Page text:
Dear Dan Savage
When two opinion columnists have different audiences and considerably different payscales
by Corey Saucier
I was going to write a rant against Dan Savage. Dan Savage has a popular advice column that is progressive and sex-positive and funny. It is something I would recommend to anyone that is trying to broaden their sexual vocabulary. He is gay and White and left-wing and smart; and extremely problematic. He was the guy who started the “It Gets Better” campaign and recently had a brilliant and delightful network TV show that was “pro-homo,” subversive and adorable enough to make me cry ugly-tears on more than one occasion. So he does good work.
I am a fan.
But the other day on his podcast, he went on a tirade about crystal-meth users and guys who have condomless sex with strangers; and his language was condescending and judgmental and stigmatizing; and this is not his first time…. And as an undying defender of my wild-eyed “bareback” drug boys, I was livid! I said a prayer to the patron saint of beautiful broken boys; covered myself in war paint; and taped my fingers, wrapped my wrists, and flicked my nose like Bruce Lee before a fight.
“I’m calling you out, Dan Savage.” Sex columnist to sex columnist….
But while I was mulling over what I would craft to destroy, embarrass (and subtlety compliment) this bright pink beacon for our community, I was sent a message by a gorgeous little twenty-four year old Black boy with pierced nipples and gangly arms that read, “Hey, can I ask you a question?” This I have seen pass across my screen more than a hundred times, and nine times out of ten it has something to do with HIV.
Beta Boy: Hey, can I ask you a question?
BottomBud: Sure, what’s going on cutie?
Beta Boy: How long have you been positive?
BottomBud: About 20 years.
Beta Boy: Do you like it?
Notice the phrasing of that question? “Do you like it?” As if it’s something to enjoy—something to choose, something to do for fun. So I began to poke at the edges of his mental health the way you would poke at a glistening jellyfish that had washed itself onto shore, making sure he was not full of poison and pain, before carefully putting him back in the ocean to swim free.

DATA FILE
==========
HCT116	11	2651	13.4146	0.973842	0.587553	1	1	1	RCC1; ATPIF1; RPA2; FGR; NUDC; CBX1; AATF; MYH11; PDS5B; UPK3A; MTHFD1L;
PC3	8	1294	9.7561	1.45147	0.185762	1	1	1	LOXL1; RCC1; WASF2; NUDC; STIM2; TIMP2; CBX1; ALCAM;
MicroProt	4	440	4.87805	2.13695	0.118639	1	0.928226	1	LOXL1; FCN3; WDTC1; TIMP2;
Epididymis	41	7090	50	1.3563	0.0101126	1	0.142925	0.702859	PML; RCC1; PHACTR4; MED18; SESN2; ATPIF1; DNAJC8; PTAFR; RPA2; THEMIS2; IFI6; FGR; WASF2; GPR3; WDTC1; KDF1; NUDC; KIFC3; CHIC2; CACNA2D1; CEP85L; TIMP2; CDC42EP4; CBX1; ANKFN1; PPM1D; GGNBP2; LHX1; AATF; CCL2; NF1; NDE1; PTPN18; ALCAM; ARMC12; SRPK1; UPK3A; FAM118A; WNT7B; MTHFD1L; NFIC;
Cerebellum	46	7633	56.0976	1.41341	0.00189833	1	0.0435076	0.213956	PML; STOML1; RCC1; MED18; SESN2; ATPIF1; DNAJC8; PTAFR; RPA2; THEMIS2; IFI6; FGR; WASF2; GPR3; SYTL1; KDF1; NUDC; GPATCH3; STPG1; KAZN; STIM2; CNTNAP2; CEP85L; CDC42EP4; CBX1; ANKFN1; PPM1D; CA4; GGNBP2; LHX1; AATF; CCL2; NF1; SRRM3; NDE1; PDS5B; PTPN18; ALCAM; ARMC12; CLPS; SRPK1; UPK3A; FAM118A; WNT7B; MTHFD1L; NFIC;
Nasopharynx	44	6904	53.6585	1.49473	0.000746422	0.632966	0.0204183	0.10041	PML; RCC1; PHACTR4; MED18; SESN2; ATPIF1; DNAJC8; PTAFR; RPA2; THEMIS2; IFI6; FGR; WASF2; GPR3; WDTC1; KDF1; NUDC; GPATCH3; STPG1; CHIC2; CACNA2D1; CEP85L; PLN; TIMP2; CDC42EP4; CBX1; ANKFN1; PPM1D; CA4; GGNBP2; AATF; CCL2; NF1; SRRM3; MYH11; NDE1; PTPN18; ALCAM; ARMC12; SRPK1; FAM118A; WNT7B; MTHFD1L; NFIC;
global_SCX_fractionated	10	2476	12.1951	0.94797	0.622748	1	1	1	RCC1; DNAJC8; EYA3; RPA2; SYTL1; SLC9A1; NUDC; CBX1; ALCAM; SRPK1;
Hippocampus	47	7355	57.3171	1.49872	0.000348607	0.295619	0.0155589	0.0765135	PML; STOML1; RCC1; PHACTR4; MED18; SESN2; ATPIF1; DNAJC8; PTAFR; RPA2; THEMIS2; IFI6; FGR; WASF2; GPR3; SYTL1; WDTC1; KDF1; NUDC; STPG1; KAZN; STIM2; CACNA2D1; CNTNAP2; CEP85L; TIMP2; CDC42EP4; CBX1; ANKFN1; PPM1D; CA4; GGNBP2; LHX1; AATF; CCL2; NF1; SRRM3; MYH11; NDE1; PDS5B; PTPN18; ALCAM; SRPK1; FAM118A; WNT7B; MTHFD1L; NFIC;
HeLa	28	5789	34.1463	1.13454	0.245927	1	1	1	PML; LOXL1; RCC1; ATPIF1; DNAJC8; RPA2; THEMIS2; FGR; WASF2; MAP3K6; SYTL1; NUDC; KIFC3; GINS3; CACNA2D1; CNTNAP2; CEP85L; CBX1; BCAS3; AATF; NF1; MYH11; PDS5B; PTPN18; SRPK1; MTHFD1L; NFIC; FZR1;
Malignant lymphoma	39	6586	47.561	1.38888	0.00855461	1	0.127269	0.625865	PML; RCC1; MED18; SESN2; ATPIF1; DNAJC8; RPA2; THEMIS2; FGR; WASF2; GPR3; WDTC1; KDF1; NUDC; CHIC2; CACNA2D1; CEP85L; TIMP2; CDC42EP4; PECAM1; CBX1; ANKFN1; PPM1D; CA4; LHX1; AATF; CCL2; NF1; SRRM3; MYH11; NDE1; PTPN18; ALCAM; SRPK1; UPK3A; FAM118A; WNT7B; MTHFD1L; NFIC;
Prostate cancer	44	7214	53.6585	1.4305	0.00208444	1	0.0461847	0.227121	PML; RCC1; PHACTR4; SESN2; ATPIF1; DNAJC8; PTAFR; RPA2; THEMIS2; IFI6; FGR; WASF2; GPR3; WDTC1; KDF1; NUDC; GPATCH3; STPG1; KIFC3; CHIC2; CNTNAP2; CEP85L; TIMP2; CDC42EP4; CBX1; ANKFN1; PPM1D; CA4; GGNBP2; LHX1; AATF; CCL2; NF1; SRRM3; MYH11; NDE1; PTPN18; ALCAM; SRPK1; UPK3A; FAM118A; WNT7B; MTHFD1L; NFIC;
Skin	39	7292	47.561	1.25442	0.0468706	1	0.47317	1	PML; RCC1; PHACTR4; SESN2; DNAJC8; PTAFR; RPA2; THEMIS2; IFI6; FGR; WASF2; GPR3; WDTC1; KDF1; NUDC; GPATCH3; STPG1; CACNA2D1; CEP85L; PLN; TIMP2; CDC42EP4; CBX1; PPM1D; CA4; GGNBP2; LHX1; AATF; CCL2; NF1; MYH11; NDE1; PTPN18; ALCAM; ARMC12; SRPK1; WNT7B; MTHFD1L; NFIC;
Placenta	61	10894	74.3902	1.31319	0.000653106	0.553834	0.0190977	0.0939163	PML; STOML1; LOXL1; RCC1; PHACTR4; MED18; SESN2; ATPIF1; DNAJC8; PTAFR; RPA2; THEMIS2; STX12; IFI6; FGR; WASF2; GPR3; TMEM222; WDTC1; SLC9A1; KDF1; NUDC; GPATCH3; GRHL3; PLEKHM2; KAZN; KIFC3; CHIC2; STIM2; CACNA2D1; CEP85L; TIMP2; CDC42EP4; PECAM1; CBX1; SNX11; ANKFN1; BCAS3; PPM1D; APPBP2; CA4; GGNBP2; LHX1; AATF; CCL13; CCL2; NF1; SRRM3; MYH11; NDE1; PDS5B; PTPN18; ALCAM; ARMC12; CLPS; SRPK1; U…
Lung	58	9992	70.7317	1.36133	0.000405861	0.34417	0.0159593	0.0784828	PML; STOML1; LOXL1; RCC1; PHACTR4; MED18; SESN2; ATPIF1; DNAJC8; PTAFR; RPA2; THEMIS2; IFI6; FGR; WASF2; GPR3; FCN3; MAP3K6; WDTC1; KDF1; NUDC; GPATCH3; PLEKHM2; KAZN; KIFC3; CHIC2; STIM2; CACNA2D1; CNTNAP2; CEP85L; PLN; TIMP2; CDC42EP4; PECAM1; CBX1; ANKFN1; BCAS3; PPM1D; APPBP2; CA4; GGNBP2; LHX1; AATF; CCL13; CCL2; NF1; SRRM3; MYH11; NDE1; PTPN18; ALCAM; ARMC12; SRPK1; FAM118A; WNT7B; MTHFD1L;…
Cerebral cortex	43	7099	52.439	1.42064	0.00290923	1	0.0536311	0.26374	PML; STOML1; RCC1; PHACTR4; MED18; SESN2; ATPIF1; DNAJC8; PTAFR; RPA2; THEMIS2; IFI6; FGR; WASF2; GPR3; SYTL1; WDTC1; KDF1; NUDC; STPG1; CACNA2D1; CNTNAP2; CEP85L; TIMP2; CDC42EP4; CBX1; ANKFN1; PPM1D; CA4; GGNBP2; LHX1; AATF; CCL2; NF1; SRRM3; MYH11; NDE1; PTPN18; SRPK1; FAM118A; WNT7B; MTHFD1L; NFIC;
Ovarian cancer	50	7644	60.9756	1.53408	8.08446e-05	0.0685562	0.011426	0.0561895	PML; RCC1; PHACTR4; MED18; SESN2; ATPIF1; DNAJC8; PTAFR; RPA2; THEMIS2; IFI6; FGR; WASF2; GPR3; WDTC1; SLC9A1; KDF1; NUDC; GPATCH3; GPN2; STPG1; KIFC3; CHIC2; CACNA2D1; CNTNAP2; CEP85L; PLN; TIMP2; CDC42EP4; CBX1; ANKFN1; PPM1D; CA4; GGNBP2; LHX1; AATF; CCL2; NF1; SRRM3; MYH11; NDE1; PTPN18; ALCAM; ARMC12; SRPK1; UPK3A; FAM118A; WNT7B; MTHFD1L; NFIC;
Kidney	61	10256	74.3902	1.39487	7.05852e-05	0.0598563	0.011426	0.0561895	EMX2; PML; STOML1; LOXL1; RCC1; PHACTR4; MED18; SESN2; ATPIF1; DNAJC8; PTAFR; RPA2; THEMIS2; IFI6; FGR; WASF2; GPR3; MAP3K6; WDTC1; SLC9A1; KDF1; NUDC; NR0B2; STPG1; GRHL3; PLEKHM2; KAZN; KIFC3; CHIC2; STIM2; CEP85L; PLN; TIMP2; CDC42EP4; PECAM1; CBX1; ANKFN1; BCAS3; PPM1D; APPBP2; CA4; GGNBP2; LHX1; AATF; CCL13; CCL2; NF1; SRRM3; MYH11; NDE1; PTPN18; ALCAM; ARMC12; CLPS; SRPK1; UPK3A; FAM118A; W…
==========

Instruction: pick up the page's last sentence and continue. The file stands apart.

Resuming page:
What I found is that he was wondering if he should just actively “become positive” so that he “can have the kind of sex” that he wants. He did not want to use condoms, and he did not know that you could use PrEP (Truvada) WITHOUT condoms, and still be protected. He was young and beautiful and stupid, and probably living with more mental issues than anyone could assuage over the Internet, but he had never met another Black man who was HIV-positive and honest about their sexual behavior. And in his mind, that meant that I was probably into doing harm. But I made a promise to myself (many years ago) to do no harm: I am undetectable, I see my doctor every three months, and (as much as is in my power) I make sure that my sexual partners are informed and cognizant of all risk. Which, when it comes to HIV, is ZERO.
I’m a safe slut!
So I can dress in the grungiest outfits, take as many drugs as I need, and have as many partners as I can count. But guess what, Mr. Savage? It’s still safe! And it still DOES NO HARM. But I’m sure you know this. You are smarter than that. Something has made you critical of our most beautiful, lost, and fragile…. And I am sorry for that. Because some of us are still here “in these trenches” dealing with HIV stigma, PrEP shame, and balancing our Bacchanal needs with our inner moral compass…. And I may not have a podcast with the potential to reach millions, but I can reach this ONE.
“Hello my beautiful gangly Black boy on the Internet. I know the information is contradictory. And I know they keep telling you to use a condom. And I know that you won’t. And I know you think that means you have to be careless, and deviant, and eager to do self-harm. (Because that’s the purple “poplar” brush they paint you with.) BUT YOU DON’T HAVE TO BE! Take your pill. (And then do whatever the hell you want! Depending on the laws in your state.) Or here’s a tip: Something we did in the nineties—make the guy PROVE he is “undetectable” by showing his recent lab results. I keep mine on my bedside table (in case any of my partners ask.) No one ever asks. But you, my dear beautiful nipple-pierced Black boy with lips like cherry trees, you can ask…. And I will never EVER judge you.”
Love and Light.
Corey Saucier is an artist and writer living in Los Angeles. He is a Lambda Literary Fellow in Fiction and Non-Fiction and is currently penning his first novel. His musings and wanderings on Love, Life, and Nonsense can be found at www.justwords.tumblr.com.